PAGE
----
It’s the Scottish thing.
“He’s that crazy Scottish guy,” said Mikhail Grabovski
. “All my friends talk about that.”
The crazy Scottish guy is Clarke MacArthur
, picked up by the Leafs in the pre-season for the price of a stamp less 57 cents. Ok, that’s not entirely true. Sixty cents with tax.
MacArthur is about as Scottish as a tin of maple syrup but he is the canny presence on a Leafs line that has roared past expectations and he is having himself a year.
MacArthur leads the Leafs in scoring and while 40th in the league is a way down it’s still better than Bobby Ryan, Evgeni Malkin, Alexander Semin and Patrick Kane.
He’s had help, of course. If you throw out power play points, the unit of MacArthur, Grabovski and Nikolai Kulemin
has struck for 69 points. That’s a dozen more even strength points than Alexander Ovechkin’s unit and 20 more than the San Jose trio of Joe Thornton, Patrick Marleau and Dany Heatley.
There is alchemy in an effective line. Three players with radically different backgrounds (a Russian, a Belarusarian and a Canadian) and talents must find common ground within a couple of days or risk being pulled apart and pieced together with someone else.
The Leafs line is a fine example of individual talents producing an unexpected harmony.
“Grabo is the glue in the middle,” said MacArthur who seeds a player with scoring touch and the ability to make plays.
Even though MacArthur’s forte is subtle little plays, it makes more sense, he said, to put Grabovski in the middle of the ice.
“He’s a better skater than I am and he’s stronger down low. He's always jugging around.”
That leaves Kulemin, a superb skater who is no harder to move than a refrigerator and who will chase the puck relentlessly.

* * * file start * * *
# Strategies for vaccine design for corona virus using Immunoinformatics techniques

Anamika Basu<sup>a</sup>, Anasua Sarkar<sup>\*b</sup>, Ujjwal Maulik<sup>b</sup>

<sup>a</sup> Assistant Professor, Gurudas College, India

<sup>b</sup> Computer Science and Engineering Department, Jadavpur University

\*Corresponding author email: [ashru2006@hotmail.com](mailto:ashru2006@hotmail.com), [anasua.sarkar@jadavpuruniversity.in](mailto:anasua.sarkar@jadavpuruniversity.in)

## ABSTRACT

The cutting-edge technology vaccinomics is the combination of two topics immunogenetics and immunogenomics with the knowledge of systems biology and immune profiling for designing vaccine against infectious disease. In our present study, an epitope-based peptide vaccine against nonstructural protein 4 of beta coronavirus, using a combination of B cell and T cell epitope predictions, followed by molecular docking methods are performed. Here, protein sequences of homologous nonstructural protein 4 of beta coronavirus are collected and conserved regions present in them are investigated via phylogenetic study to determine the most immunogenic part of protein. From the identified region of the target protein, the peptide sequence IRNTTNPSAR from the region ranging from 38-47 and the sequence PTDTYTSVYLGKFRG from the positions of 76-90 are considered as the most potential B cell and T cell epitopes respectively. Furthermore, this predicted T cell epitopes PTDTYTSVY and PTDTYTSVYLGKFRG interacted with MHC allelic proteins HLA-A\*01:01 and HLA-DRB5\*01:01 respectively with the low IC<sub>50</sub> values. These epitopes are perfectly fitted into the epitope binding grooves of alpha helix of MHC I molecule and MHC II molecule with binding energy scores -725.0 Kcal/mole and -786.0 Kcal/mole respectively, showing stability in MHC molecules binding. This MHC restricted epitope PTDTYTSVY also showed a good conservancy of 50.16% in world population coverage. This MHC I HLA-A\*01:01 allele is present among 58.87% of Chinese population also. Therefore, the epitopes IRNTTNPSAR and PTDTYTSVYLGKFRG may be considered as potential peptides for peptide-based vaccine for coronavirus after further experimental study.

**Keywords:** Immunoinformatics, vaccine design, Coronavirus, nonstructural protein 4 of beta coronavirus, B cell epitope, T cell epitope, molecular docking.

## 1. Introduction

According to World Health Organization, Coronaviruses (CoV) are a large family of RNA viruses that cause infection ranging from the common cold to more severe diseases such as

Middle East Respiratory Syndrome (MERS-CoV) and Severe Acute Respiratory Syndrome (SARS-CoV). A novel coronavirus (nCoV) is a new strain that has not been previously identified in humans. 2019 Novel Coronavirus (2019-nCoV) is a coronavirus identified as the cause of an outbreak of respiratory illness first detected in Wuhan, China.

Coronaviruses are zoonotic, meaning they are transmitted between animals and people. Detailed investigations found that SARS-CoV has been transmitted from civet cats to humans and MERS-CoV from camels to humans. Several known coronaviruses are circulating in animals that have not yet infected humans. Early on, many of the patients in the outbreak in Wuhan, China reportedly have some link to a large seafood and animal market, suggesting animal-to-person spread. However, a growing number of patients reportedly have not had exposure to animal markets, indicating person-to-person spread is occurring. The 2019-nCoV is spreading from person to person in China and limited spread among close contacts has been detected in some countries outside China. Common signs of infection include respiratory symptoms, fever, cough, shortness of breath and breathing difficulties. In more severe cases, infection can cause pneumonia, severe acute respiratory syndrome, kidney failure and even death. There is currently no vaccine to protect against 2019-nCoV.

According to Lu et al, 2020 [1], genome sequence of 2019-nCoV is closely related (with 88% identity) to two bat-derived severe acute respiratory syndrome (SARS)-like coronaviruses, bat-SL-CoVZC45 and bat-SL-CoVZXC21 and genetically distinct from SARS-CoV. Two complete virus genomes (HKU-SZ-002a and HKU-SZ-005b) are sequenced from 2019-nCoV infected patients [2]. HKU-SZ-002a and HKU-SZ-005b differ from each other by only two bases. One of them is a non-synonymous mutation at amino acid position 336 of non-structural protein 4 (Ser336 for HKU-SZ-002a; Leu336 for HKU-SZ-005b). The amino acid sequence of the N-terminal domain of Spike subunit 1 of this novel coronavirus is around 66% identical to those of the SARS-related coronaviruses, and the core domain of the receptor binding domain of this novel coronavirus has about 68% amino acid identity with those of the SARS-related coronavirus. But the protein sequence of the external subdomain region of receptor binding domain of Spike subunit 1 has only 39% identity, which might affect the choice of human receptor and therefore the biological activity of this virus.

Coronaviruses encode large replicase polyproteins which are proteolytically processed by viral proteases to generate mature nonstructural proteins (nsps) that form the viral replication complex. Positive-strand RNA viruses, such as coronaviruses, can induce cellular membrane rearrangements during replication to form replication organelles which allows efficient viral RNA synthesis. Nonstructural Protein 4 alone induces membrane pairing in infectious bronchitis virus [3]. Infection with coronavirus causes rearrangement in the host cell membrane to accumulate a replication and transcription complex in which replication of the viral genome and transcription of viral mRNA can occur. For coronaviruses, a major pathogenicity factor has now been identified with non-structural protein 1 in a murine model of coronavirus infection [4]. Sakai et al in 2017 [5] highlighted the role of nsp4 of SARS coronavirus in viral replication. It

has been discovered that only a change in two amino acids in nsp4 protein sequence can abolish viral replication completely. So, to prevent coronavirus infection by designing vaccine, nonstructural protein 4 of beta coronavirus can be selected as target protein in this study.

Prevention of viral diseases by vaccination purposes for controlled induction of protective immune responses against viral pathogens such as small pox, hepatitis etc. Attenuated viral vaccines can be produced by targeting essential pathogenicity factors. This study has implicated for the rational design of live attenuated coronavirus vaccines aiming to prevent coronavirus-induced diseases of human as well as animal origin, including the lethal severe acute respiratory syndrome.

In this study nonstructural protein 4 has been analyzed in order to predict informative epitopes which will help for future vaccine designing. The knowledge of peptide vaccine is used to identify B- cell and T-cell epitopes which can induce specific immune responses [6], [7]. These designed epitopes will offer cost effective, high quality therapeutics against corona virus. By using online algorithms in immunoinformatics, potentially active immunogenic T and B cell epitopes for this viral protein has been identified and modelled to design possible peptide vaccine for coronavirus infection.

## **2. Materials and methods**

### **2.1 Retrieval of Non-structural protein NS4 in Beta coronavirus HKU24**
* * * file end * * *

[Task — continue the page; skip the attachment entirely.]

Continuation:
MacArthur says his forte is the little pass, the five to 10 foot jobs. “They can open up a lot of space for a guy,” he said. “What you want to create is little two on ones.”
That type of subtle play is what Grabovski has come to look for.
“He’s a smart player, he has great vision,” Grabovski said. “If I’m in alone, he always finds me with the puck.”
This is by far the best MacArthur has played in stints with the Buffalo Sabers and Atlanta Thrashers. The Thrashers walked away from an arbitration win last summer and set MacArthur free. His strong play has been critical for the improvement of Kulemin and Grabovski.
MacArthur is the leader of the troika. You can see it in television timeouts where MacArthur can be seen exhorting his linemates. It is MacArthur who organizes the video sessions with his linemates. He is considered one of the hardest working Leafs, on the ice and off.
MacArthur has played on the same unit since the earliest days of the season. Still, he has seen many lines flounder because of a toxic chemistry.
“This happened to me in Buffalo,” he said. “Sometimes you would play with guys whose game was to chip the puck in. There’s nothing wrong with that but it’s not the way I play.”
A few months after being cut loose, MacArthur, a restricted free agent, finds himself a widely appreciated player. Teams are often that way with their leading scorers.
His linemates, enjoying their best ever seasons, endorse his return.
“I would love to play with these guys for five more years,” MacArthur said.